Let’s not forget the system partition. When I tried Unlegacy Android 6.0, 7.1.2, and LineageOS 15.1, I had to use the minimal GAPPS package (pico) only including the Play Store and basic Google functionality. The Nexus 7 (2013) has a resize method available but it appears to be hard to use and you risk messing up the partition table resulting in an unrecoverable device. There is no such method for the Nexus 7 (2012). Recent Android versions take up more space and on the Nexus 7 (2013), the only currently available Android 10 ROM requires a resize before it can be installed.

Can we expect Android 9 or 10 ROMs for the Nexus 7 (2012)? Probably not. Unless a resize method is found for the system partition, there’s little chance of it and even if it was made, it probably wouldn’t run very well. Luckily, Android 6.0 or 7.1 is still adequate and a great majority of apps still work fine on it so if you’re looking for a good ROM to revive your tablet, look there instead of hoping for a ROM which could put the tablet past its limits.

What ROM do you have on your Nexus 7 and how does it run? Tell me down below in the comments section!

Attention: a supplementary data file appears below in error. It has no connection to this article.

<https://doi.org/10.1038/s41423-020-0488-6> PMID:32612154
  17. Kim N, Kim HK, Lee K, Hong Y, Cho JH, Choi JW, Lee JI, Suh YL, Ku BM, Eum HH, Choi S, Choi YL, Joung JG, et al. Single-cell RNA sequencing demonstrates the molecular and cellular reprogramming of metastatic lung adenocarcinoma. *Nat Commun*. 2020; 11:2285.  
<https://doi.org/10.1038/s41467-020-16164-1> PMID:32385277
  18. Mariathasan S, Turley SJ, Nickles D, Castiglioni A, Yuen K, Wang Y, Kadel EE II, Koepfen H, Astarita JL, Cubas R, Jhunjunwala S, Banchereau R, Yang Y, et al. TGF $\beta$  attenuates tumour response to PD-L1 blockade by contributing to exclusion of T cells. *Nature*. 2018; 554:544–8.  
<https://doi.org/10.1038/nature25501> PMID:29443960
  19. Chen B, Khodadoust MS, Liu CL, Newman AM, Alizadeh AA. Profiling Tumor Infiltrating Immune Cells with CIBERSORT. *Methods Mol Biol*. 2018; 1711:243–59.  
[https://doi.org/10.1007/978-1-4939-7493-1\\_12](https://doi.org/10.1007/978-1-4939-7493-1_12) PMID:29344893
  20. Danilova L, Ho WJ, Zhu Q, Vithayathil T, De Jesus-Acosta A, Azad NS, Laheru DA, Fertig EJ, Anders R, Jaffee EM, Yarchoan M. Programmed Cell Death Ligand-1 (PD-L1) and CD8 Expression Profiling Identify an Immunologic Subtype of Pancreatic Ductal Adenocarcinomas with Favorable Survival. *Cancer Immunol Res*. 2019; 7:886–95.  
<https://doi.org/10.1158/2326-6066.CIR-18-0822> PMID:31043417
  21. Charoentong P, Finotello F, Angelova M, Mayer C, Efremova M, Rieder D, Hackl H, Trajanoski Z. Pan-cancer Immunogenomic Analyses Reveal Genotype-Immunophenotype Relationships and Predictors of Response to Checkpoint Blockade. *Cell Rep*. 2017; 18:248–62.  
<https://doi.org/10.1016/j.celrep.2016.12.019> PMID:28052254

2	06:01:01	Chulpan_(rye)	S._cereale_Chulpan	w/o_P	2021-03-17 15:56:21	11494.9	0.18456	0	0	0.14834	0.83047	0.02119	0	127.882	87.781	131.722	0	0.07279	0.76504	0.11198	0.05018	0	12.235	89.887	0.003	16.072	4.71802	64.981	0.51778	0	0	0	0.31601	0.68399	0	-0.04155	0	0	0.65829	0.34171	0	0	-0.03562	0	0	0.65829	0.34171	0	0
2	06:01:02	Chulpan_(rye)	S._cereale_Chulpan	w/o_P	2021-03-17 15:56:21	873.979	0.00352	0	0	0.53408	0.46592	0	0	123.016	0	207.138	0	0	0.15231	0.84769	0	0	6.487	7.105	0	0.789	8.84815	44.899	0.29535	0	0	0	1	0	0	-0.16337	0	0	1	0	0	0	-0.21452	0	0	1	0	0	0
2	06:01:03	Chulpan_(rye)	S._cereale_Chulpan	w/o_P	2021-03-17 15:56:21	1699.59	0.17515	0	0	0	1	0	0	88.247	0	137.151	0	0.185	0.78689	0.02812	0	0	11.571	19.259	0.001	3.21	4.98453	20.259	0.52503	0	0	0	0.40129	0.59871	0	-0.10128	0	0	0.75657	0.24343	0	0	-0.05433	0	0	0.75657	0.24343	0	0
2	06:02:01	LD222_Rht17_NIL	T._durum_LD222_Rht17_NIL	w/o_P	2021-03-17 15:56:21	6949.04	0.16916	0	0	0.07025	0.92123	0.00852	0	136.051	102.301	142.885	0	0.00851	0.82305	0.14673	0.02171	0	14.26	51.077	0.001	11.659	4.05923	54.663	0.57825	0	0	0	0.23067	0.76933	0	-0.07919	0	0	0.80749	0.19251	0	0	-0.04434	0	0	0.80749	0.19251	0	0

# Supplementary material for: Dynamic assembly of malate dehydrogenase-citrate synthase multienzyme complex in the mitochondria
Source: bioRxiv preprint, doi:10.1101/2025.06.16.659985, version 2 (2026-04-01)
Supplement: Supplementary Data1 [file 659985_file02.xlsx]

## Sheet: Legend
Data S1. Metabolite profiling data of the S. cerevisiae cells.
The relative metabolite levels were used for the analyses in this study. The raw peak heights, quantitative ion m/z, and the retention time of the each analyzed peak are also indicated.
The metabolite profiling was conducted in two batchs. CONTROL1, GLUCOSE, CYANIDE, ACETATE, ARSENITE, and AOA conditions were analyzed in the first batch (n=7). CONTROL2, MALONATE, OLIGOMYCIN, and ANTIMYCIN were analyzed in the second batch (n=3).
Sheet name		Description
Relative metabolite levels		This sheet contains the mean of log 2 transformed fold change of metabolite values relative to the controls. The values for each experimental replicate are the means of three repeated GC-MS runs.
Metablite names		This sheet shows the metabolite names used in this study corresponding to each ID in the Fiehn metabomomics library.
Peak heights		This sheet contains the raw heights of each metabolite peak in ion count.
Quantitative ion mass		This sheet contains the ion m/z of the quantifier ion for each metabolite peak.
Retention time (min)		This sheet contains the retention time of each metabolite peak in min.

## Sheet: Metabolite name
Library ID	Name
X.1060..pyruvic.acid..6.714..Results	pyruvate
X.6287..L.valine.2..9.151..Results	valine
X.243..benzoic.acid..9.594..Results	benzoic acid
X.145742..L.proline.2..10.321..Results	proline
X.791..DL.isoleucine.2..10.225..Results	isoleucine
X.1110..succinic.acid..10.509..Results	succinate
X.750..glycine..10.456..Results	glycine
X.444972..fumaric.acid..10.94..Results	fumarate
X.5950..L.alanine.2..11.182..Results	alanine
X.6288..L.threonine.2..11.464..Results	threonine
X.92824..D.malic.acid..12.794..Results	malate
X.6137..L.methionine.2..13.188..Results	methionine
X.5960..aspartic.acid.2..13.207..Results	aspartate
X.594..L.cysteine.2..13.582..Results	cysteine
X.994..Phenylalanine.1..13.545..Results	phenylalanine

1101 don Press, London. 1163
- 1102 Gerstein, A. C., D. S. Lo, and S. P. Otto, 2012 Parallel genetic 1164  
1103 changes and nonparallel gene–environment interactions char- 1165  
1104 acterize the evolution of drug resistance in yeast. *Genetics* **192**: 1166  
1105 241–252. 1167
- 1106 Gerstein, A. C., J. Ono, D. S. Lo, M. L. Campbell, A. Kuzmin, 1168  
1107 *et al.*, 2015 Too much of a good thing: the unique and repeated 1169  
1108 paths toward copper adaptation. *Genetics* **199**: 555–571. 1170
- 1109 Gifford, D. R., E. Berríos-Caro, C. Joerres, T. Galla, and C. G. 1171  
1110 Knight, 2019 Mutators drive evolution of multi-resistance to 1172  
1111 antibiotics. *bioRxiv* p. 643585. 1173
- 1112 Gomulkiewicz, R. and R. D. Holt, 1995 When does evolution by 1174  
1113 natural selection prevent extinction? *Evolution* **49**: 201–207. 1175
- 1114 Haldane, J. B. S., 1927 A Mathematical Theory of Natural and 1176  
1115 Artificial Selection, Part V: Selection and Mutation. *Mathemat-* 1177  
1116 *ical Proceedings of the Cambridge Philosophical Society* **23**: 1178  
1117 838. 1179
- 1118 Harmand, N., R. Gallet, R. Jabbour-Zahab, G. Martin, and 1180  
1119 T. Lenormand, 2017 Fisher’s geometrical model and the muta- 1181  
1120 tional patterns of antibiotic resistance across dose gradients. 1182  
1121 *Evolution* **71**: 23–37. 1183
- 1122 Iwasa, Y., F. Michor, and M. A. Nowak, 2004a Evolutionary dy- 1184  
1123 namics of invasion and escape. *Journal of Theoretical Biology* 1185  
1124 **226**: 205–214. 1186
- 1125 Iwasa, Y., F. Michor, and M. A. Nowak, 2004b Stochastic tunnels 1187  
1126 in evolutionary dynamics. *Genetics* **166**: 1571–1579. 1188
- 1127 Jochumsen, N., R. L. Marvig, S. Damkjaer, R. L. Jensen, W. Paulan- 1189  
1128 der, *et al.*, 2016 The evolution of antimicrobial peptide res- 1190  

-Chas 😎

Nexus 7 (2012) review

Recently, I purchased a Nexus 7 (2012) from a local store. I’ve wanted this tablet for years now but it was always too expensive. But last week my lucky day came as a local shop was selling one for £35.

Android Lollipop issues

Turning it on, it ran the slow and laggy Android 5.1 Lollipop. Opening and switching between apps was a nightmare. And don’t even get me started on updating all the apps on ancient versions. I couldn’t put up with this, so I downloaded the KitKat 4.4.4 factory image from Google’s website and flashed it.

On KitKat, I can certainly say that it is faster than Lollipop, significantly faster. Updating apps took about 5 times quicker than on Lollipop, mainly because KitKat is more optimised for the Nexus 7 (2012) than Lollipop is, but also because not all the updated versions of preloaded apps can run on KitKat.

App support